Your backup represents your dataset as it was at the point-in-time the backup was made—it never changes. The length of time you can recover this data is set by your data retention policy.
So if you ever find yourself questioning the need for a veritable backup solution, the answer should be a resounding “yes!” Here’s the lowdown, the who, the what, the when, the where, and the all-important why:
Given that we’ve established there are only two types of people (or businesses) in the world: those who have lost data, and those who will, the lucky smart folks are those who have proactively taken the steps to ensure that the eminent data loss occurs on their terms and lands within acceptable, pre-configured parameters. That is, the data is recoverable back to an anticipated and reasonable point (RPO: recovery point objective), and within an acceptable timeframe (RTO: Recovery Time Objective—the time it takes to restore data to normal operations).
RPO: if my computer explodes at 3:00 pm today how much work and data am I ok with losing? If our backups happen daily at 5:00 pm then my RPO is maximum 24 hours. If we are running hourly backups, then I will be able to recover all work and data created up to 2:00 pm RPO maximum 1 hour. The idea is to balance the RPO cost of data storage with the cost of recreating the data.
RTO: how long does it take to recover the data that was lost. It should be noted that our RPO determines what can be recovered. The sophistication of the BDR software and the amount of data being recovered will determine the time it takes to the goods back.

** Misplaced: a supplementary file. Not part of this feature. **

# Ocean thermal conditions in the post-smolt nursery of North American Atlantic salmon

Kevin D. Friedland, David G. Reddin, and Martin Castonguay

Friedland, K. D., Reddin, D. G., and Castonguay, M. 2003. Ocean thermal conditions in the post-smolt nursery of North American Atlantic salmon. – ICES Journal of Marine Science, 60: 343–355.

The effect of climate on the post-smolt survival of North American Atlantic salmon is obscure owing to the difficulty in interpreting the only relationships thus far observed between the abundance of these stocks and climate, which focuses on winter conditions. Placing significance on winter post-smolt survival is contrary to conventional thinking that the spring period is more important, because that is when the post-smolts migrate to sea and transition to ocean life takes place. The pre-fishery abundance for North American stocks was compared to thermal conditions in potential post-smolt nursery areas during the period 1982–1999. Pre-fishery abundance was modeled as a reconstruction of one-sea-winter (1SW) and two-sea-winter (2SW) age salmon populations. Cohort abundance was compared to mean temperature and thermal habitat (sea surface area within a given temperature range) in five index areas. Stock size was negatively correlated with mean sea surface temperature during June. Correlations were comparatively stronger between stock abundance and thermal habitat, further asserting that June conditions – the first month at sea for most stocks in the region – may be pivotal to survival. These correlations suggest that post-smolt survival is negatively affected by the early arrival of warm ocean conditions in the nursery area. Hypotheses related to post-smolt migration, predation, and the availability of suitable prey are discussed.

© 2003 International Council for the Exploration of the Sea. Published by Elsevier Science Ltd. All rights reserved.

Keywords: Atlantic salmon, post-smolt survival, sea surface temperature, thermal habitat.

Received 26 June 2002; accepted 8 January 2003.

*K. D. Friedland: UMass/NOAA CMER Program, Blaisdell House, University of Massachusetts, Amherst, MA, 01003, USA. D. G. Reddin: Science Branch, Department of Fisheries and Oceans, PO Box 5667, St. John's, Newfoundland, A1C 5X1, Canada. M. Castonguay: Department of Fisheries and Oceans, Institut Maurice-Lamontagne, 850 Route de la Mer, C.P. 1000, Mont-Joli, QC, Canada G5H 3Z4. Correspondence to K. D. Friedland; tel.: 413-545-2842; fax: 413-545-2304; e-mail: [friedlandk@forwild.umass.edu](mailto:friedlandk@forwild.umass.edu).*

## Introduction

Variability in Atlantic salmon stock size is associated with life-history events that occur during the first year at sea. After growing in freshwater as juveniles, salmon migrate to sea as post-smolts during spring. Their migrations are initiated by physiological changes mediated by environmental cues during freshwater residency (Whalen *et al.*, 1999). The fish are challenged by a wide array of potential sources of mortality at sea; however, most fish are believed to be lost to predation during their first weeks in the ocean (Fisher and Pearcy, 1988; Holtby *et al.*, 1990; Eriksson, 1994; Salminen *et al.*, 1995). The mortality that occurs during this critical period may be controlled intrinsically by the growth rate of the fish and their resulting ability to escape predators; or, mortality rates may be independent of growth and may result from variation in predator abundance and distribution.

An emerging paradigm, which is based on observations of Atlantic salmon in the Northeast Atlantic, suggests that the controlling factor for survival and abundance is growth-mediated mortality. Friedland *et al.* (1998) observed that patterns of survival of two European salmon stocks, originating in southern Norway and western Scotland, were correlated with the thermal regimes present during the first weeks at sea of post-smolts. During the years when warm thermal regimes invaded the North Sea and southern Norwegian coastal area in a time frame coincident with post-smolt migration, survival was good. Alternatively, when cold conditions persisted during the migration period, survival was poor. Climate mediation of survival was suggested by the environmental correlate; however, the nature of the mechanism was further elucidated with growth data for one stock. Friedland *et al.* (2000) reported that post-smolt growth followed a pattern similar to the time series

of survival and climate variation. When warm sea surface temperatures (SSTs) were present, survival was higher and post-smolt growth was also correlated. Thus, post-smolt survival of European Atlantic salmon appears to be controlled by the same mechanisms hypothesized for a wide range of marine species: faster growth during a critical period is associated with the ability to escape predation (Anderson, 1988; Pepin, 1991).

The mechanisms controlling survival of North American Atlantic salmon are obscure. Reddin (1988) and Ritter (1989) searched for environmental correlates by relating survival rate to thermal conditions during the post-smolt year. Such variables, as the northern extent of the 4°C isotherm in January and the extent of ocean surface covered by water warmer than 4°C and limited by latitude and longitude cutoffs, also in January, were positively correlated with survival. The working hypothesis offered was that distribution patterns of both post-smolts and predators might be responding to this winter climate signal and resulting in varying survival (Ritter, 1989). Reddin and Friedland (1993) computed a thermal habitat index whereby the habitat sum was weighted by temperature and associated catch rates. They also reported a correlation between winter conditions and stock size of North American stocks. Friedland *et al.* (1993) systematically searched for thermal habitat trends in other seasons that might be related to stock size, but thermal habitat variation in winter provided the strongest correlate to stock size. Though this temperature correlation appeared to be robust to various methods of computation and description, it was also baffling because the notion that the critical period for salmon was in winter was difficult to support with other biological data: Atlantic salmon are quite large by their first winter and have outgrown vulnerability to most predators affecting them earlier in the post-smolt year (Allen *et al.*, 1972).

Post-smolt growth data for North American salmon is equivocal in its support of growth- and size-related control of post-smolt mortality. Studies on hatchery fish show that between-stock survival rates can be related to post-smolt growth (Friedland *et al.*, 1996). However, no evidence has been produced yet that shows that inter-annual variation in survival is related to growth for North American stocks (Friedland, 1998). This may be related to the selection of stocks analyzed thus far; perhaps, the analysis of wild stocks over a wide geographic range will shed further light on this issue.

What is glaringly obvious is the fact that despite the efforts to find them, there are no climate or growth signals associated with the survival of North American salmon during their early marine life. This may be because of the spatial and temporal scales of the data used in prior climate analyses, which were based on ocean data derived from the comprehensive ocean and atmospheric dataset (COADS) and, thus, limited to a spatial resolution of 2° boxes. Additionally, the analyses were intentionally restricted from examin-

This is very important. Many folks have a false sense of security that stems from the use of services like OneDrive, Dropbox and the like. The notion is that these services sync data to the cloud… like a cloud-based backup, right? Wrong. File syncing is not the same as backing up. Have a look:
When you work on File A and save it to the location that syncs to OneDrive (or Dropbox or Google Drive, etc.), the data finds a home within your purchased OneDrive storage allotment in the cloud which mirrors a location on your physical hard drive.
When you delete File A from that place on your computer’s hard drive, OneDrive mirrors that action—it gets deleted from the cloud-based mirror.
If you accidentally delete File A this accident is propagated to the cloud.
If File A was subject to cybercrime and ransomed… sync.
If these accidents are not detected soon enough (and by soon, I mean as little as 30 days for OneDrive for Business), then too bad, so sad.